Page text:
Essay: Archaeological Artifacts Repatriation

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[. . .] In 1990, the Native American Graves Protection and Repatriation Act (NAGPRA) obligated federal museums and collections to restore to Native American tribes skeletal remains, grave goods and sacred objects - including those excavated or collected as early as the mid-nineteenth century. The problem with NAGPRA is that it does not extend to claims made outside the country, but nonetheless may serve as example to other foreign institutions. (IIP Digital, 2010)

Nonetheless, it seems to me that the laws are too few and cover too limited a terrain as well as not being strong or internationally binding. There are western countries that still need to repatriate their museum artifacts, and conventions such as the NAGPRA do not apply to privately held materials or to collections outside the United States

Britain, for instance, under its colonialism seized an extraordinary collection of Benin bronzes from, what is today, Nigeria. This collection has been sold to museums and private collections all over the world. Others make money from it, but the poor country, Nigeria, has had great works of African art that are integral to its culture stolen from it. (ibid.)

In relation to this, the Minister of Tourism, Culture and National Orientation, Chief Edem Duke, has recently urged museum experts to make laws that will influence the repatriation of Nigerian's stolen as well as to protect cultural institutions against looters.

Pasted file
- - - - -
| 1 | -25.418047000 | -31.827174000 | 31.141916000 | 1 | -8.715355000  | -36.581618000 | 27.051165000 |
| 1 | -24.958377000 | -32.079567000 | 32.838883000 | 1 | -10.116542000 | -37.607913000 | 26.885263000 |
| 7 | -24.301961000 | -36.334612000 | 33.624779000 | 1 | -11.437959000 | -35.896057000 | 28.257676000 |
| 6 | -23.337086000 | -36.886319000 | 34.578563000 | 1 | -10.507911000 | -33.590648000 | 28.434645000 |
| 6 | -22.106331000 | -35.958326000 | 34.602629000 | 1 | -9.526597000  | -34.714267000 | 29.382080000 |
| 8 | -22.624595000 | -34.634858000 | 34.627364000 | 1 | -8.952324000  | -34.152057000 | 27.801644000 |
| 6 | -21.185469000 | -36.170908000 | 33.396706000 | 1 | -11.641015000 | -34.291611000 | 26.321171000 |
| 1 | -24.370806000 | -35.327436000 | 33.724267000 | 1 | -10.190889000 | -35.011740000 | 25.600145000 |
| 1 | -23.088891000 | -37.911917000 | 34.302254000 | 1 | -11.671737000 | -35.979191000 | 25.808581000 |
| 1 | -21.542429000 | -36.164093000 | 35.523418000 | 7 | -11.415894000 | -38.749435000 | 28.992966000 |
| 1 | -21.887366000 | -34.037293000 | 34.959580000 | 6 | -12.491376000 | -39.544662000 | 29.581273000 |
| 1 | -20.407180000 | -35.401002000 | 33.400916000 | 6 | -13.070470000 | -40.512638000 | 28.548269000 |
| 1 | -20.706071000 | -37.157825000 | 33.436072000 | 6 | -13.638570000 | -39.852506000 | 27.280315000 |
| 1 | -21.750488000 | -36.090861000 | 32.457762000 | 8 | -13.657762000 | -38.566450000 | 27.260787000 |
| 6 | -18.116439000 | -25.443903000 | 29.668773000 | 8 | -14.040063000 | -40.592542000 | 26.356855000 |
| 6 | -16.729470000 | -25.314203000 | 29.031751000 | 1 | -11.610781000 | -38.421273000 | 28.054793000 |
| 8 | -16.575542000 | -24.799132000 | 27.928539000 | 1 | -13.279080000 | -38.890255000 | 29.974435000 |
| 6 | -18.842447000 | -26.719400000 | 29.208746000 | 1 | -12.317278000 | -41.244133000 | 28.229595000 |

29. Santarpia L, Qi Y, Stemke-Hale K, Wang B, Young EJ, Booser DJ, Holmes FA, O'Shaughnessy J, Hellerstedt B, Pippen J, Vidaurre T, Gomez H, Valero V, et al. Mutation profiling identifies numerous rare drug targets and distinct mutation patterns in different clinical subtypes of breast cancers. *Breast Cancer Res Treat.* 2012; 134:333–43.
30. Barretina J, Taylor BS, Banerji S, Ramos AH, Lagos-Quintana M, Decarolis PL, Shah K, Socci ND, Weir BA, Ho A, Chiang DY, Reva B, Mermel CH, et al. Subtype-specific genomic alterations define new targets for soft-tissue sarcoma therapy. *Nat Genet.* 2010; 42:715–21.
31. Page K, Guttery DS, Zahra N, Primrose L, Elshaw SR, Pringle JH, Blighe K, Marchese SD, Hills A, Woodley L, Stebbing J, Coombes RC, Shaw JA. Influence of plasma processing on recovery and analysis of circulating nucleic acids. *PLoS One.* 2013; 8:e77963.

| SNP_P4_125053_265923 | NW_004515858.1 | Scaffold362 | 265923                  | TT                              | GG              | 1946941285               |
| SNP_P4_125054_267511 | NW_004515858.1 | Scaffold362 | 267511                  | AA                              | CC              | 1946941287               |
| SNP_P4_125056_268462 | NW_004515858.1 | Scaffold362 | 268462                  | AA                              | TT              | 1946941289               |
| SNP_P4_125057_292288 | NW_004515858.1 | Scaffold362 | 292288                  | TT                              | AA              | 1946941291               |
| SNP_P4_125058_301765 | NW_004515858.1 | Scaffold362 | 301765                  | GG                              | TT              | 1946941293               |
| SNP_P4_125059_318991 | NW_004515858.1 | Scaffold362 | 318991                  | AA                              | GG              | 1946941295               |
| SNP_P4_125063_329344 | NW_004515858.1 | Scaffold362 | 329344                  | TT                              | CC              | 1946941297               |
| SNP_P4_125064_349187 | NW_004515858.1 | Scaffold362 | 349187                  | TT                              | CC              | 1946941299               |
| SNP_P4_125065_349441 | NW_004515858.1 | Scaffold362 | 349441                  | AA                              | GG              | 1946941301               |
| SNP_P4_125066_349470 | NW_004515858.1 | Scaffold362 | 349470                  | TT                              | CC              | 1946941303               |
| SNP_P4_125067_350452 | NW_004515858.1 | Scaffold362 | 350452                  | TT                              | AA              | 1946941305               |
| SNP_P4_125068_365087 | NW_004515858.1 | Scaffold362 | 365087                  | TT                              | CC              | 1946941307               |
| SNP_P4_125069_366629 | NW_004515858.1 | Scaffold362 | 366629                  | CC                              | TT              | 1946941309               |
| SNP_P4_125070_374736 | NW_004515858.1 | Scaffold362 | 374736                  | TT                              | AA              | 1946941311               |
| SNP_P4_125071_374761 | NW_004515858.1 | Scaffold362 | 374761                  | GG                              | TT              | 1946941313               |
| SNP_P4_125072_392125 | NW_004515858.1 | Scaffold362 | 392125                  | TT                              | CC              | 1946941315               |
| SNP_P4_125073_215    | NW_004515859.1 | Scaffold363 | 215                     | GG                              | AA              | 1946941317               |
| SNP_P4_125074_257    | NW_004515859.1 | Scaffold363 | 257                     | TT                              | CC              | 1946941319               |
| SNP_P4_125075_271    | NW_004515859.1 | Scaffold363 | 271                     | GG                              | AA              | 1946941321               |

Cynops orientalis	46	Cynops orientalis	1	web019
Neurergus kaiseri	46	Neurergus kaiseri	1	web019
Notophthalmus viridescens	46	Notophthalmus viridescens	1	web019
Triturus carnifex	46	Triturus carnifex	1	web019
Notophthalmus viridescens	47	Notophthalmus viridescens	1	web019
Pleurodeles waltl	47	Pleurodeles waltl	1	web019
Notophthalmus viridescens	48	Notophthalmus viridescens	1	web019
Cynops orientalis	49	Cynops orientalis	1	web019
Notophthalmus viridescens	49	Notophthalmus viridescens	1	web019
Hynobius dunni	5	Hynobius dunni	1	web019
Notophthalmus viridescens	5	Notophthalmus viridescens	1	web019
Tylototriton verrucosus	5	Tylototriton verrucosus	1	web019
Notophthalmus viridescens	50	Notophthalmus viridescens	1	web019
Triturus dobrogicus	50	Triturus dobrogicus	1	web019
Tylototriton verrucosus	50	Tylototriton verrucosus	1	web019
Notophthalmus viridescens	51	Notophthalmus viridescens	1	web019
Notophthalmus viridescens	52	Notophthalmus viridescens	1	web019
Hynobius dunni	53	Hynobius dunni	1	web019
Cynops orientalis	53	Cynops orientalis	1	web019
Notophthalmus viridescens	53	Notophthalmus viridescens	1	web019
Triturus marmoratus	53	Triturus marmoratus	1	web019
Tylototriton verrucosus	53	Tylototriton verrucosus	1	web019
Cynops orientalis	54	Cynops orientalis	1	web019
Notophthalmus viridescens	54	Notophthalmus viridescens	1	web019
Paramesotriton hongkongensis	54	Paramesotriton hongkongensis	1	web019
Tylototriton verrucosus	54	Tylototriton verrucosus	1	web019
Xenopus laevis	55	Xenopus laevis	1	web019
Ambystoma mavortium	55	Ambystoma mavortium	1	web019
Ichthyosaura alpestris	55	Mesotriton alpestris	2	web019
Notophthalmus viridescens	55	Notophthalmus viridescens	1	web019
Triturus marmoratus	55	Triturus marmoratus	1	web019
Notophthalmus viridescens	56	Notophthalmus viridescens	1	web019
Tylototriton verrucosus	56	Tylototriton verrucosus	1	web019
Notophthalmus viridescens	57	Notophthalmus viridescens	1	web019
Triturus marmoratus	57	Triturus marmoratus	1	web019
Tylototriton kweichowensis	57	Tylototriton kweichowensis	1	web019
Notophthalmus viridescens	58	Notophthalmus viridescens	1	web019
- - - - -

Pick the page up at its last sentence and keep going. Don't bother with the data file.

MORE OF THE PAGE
Making his appeal to the Review of Laws of the National Commission for Museums and Monuments (NCMM), he urged the members:

"to make such laws that will influence the repatriation of these great works so that we can start enjoying the reward of our heroes past, and no offender against our cultural objects, be he a Nigerian or foreigner, will walk away free. Such laws will discourage looting and clandestine excavation of the objects" (Leadership. (7/10/2011))

Repatriation, too, of the objects, to their rightful land would ensure that the modern nation of Nigeria can depend on its culture for economic and educational profit, such as other nations do. The original law of repatriation of 1979, later re-enacted as Cap 242 of the laws of the Federation, had become obsolete and needed to be rewritten and extended. Not only, Edem complained, were Nigerian artifacts, particularly the Benin bronzes stolen from it, but hundreds of Europeans have copied these bronzes and sold them as their own. Nigeria, Edem insisted, needs to have copyright over the rights of copying these statues.

Edem's complaint summarizes a few of the holes in the repatriation laws. Some of these laws are archaic and need to be updated; others are too limited and narrow pertaining only to certain groups and certain countries. These laws need to be made more specific, need to be updated, and need to be extended to wider regions.

Other problems that exist were pointed out by Halle (2006) in his thesis on Maori relics. Negotiations with countries can sometimes become tricky for merits of the claims can become unclear as, for instance when a particular human limb is in reality someone's ancestor or whether a claimant does have genuine claim to the article.